Labels such as turkey, sativa and hybrid, which are commonly used to distinguish one category of cannabis from another, say little to consumers about what is in their products, and can be misleading or misleading, according to a new study of nearly 90,000 samples in six states.
Published May 19 in the journal PLOS Onethe study is the largest to date analysis of chemical composition marijuana products. It was found that commercial labels “inconsistently with the observed chemical diversity” of the product. Now the authors call on Fr. weeds A labeling system similar to the Food and Drug Administration’s “nutrition facts panel”.
“Our findings suggest that the existing labeling system is not an effective or secure way to provide information about these products,” said co-author Brian Keegan, associate professor of information science at CU Boulder. “It’s a real challenge for an industry that is trying to professionalize itself.”
2022 marks the 10th anniversary of the legalization of marijuana for vacations in Colorado and Washington, the first two U.S. states to allow adult use. During this time, the industry has grown to multibillion-dollar, in which sativa strains are usually associated with energy, while Indica strains are associated with a relaxing effect.
However, there is no standardized labeling system.
What’s in the title
Commercial strain names, such as Girl Scout Cookies, Gorilla Glue and Blue Dream, have many that give consumers the impression that if you buy it in one place, you will get the same product or at least the same effect if buy it elsewhere.
While marketers usually have to disclose the dosage of the psychoactive compound THC (tetrahydrocannabinol) and CBD (cannabidiol) on the label, they are not required to include information on other compounds, including terpenes, which can affect not only odor but also – through The synergy hypothesis, called the entourage effect, is how the product makes you feel.
They are also free to name their product as they wish.
“A farmer can’t just take an apple and decide to call it Red Delicious. A brewer can’t just arbitrarily label his product as a Double IPA. There are standards. But that’s not the case for the cannabis industry,” said co-author Nick Gicames, director of science and science. cannabis e-commerce market innovation Leafly.com.
To understand how similar products of the same name actually exist across the country, Keegan teamed up with Gicames and two other cannabis scientists to apply advanced data science tools to a massive database of chemical analyzes collected by Leafly from cannabis testing centers.
After sorting about 90,000 samples from six states according to their cannabinoid and terpene composition, the researchers found it not surprising that the vast majority of cannabinoids in recreational cannabis are psychoactive THC.
And when they took a closer look at samples, including terpene content, they found that products tended to fall into three different categories: high-terpene caryophyllene and limonene; those high in myrcene and pinene; and those high in terpinolene and myrcene.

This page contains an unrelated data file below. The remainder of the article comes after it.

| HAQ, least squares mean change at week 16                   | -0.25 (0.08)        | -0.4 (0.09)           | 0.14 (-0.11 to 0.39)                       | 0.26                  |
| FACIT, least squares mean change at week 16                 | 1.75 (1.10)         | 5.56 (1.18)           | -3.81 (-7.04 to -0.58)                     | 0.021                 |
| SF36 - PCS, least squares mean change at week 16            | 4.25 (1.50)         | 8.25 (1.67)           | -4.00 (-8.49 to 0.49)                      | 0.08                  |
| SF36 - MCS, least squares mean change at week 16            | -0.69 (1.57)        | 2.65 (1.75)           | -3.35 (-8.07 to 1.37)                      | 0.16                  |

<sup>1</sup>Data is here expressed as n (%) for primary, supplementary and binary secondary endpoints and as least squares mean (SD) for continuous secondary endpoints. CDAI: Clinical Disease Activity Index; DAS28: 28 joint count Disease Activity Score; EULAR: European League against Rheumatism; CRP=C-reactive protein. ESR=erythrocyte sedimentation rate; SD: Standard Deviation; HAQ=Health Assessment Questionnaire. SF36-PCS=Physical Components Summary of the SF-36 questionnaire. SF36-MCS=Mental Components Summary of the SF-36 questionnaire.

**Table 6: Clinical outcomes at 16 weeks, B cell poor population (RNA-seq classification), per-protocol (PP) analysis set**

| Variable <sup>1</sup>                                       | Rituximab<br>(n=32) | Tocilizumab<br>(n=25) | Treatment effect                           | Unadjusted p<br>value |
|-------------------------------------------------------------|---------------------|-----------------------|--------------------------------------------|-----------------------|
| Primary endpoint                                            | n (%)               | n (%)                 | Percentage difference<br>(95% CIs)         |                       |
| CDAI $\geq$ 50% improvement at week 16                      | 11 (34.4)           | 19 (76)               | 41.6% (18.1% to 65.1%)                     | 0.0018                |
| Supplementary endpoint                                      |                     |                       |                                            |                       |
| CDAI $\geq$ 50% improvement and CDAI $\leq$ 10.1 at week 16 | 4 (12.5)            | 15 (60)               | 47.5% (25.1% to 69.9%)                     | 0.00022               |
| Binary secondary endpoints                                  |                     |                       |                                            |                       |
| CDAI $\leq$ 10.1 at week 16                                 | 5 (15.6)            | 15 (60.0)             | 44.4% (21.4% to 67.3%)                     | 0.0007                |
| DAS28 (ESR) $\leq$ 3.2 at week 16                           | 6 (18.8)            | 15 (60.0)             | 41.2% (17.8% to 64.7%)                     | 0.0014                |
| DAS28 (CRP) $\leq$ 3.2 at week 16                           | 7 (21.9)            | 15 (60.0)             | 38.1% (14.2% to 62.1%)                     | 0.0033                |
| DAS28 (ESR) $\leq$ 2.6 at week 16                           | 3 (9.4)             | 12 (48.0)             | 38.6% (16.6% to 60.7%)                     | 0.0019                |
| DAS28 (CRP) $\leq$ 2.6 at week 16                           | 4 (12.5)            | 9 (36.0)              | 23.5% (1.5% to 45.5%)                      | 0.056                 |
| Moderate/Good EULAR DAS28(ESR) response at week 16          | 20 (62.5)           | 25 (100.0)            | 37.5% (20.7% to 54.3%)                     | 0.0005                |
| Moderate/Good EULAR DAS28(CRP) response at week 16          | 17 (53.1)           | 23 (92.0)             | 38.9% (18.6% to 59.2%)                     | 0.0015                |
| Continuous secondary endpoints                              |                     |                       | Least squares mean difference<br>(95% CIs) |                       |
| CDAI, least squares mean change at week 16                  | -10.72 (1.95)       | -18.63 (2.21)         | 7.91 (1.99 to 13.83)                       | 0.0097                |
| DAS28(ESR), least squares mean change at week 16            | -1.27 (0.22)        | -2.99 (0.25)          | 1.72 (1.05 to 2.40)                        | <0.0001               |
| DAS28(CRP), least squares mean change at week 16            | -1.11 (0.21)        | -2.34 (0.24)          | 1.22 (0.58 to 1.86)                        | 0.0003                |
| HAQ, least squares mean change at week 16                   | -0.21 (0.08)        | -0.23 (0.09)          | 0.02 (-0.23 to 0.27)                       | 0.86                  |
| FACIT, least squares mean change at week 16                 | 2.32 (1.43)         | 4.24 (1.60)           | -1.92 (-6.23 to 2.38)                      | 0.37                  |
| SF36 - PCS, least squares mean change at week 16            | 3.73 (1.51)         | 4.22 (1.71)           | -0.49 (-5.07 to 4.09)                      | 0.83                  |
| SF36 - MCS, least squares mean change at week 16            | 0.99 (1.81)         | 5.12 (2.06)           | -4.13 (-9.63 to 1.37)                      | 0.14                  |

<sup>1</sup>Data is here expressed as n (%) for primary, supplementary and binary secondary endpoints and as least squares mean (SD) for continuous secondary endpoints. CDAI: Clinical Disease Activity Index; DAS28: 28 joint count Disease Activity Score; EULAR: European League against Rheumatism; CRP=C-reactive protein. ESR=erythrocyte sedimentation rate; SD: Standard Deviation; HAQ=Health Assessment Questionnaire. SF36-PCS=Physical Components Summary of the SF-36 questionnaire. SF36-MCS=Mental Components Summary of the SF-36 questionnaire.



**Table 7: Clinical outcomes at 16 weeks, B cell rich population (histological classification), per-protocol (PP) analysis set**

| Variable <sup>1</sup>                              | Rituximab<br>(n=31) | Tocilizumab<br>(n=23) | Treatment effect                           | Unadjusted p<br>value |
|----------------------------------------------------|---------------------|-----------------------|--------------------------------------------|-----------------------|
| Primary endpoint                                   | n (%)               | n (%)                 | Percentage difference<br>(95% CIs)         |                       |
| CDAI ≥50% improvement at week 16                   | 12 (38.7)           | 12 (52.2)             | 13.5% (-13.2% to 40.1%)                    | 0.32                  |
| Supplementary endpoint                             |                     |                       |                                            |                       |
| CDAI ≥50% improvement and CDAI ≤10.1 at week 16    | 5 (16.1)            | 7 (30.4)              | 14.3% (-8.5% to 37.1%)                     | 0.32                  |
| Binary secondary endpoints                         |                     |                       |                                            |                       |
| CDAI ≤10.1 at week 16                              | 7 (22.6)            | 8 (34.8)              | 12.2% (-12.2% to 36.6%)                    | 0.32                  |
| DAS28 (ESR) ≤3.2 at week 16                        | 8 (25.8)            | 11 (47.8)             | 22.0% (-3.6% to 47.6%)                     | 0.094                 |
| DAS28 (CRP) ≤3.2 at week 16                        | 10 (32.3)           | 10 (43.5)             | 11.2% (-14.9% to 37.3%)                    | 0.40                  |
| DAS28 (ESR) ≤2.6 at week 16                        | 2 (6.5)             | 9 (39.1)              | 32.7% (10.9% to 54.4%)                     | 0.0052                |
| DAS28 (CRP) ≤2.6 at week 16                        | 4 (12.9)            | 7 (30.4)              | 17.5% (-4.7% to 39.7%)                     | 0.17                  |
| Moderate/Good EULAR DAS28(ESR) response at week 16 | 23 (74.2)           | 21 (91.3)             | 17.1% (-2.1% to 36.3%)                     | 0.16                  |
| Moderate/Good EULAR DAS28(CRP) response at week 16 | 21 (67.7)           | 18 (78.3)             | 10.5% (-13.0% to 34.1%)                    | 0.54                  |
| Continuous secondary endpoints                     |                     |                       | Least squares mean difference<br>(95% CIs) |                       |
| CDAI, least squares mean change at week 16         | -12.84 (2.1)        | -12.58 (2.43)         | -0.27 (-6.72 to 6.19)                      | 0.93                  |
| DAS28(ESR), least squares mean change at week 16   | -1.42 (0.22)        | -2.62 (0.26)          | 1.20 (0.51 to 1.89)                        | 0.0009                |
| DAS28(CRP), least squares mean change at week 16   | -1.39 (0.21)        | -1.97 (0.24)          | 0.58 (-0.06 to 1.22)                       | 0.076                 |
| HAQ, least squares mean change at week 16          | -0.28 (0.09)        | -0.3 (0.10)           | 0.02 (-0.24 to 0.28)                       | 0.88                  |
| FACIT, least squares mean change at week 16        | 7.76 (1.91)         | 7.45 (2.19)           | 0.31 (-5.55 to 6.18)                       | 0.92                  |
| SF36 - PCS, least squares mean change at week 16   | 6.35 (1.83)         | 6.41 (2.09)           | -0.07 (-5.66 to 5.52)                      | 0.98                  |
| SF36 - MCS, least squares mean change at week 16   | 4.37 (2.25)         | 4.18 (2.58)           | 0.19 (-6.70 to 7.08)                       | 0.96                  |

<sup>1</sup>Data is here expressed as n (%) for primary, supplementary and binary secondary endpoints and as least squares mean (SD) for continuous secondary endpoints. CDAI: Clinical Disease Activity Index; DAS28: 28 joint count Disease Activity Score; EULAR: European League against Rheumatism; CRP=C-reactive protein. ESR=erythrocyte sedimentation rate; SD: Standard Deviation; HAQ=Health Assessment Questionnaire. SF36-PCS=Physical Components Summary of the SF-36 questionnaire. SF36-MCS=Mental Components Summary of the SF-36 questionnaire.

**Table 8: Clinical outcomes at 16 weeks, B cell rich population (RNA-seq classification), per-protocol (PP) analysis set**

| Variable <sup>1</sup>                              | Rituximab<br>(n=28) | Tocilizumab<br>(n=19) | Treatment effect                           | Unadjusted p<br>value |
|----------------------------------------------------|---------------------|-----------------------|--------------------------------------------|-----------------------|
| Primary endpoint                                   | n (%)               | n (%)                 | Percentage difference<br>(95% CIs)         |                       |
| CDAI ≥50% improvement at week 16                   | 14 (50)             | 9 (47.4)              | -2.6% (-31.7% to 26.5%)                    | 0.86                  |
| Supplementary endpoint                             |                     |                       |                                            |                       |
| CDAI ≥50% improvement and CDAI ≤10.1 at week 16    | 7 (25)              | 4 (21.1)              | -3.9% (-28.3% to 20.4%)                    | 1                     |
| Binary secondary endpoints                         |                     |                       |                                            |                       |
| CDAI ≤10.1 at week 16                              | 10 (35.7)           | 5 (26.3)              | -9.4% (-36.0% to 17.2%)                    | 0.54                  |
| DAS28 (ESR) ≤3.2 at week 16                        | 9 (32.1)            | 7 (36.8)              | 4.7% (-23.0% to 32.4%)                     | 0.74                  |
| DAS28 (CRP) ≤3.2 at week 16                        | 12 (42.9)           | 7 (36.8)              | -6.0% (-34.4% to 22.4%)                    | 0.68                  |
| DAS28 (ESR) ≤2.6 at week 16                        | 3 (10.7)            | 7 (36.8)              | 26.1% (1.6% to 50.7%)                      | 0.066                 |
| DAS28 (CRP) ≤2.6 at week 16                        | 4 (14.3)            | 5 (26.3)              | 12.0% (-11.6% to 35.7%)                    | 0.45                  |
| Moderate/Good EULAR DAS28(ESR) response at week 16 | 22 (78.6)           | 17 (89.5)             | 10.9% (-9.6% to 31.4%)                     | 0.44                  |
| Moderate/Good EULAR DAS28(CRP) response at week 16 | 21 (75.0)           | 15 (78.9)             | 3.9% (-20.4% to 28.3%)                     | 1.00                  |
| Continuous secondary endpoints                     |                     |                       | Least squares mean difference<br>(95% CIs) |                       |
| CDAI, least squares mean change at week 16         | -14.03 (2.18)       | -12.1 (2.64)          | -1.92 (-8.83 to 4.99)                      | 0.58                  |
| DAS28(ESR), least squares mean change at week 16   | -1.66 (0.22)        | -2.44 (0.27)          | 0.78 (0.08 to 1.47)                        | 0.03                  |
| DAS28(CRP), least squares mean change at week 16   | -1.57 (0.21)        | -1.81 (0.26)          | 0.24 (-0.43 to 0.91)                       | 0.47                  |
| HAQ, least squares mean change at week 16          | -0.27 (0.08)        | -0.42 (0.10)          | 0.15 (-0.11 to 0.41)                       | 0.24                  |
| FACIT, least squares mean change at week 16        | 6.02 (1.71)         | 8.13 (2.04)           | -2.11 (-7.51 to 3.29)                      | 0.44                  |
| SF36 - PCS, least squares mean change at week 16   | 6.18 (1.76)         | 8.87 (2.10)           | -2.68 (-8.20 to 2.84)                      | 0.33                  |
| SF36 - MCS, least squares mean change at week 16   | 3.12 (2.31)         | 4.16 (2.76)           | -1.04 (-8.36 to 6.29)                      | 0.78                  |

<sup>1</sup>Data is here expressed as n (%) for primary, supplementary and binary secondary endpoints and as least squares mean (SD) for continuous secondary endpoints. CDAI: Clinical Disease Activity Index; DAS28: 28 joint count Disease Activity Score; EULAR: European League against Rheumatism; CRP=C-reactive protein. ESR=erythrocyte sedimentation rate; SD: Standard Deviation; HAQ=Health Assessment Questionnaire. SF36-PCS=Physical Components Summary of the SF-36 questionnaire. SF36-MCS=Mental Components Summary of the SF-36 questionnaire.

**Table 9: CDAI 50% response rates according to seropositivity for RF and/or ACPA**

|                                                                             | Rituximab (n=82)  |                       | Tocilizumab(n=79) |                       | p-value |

But these categories do not quite fit the labeling scheme of Indica, Sativa and Hybrid.
Mismatch within strains
How biochemically similar are products with the same trade names?
It depends on the strain, the study showed.
Some strains, such as white tahoe cookies, were surprisingly consistent from product to product, while others, such as the poison called Durbin Poison, were “consistently inconsistent,” Gicomes said.
“Actually there was more consistency among the strains than I expected,” he said. “It tells me that cultivators, at least in some cases, may not get enough credit.”
The study also found that existing recreational cannabis available in the United States is fairly homogeneous, with many opportunities to introduce new breeds with different chemical profiles. It could be useful for both recreation and treatment, Keegan said.
“The founding fathers of cannabis research call it the pharmaceutical horn of plenty because it produces so many different chemicals that interact differently with our bodies,” Keegan said. “We’re just scratching the surface.”
He predicts a day when products will be classified based on a better understanding of their chemical composition and labeled with details not only about their THC and CBD, but also about them patientflavonoids and other compounds.
“It’s as if your cereal box contained only calories and fat and nothing more,” Keegan said. “We, the consumers, need to seek more information. If we do that, the industry will respond. ”
Christian J. Smith et al., Phytochemical diversity of commercial hemp in the United States, PLOS ONE (2022). DOI: 10.1371 / journal.pone.0267498
University of Colorado at Boulder
Citation: What do you have in the grass? You may be surprised (2022, May 19), received May 19, 2022 from https://phys.org/news/2022-05-weed.html
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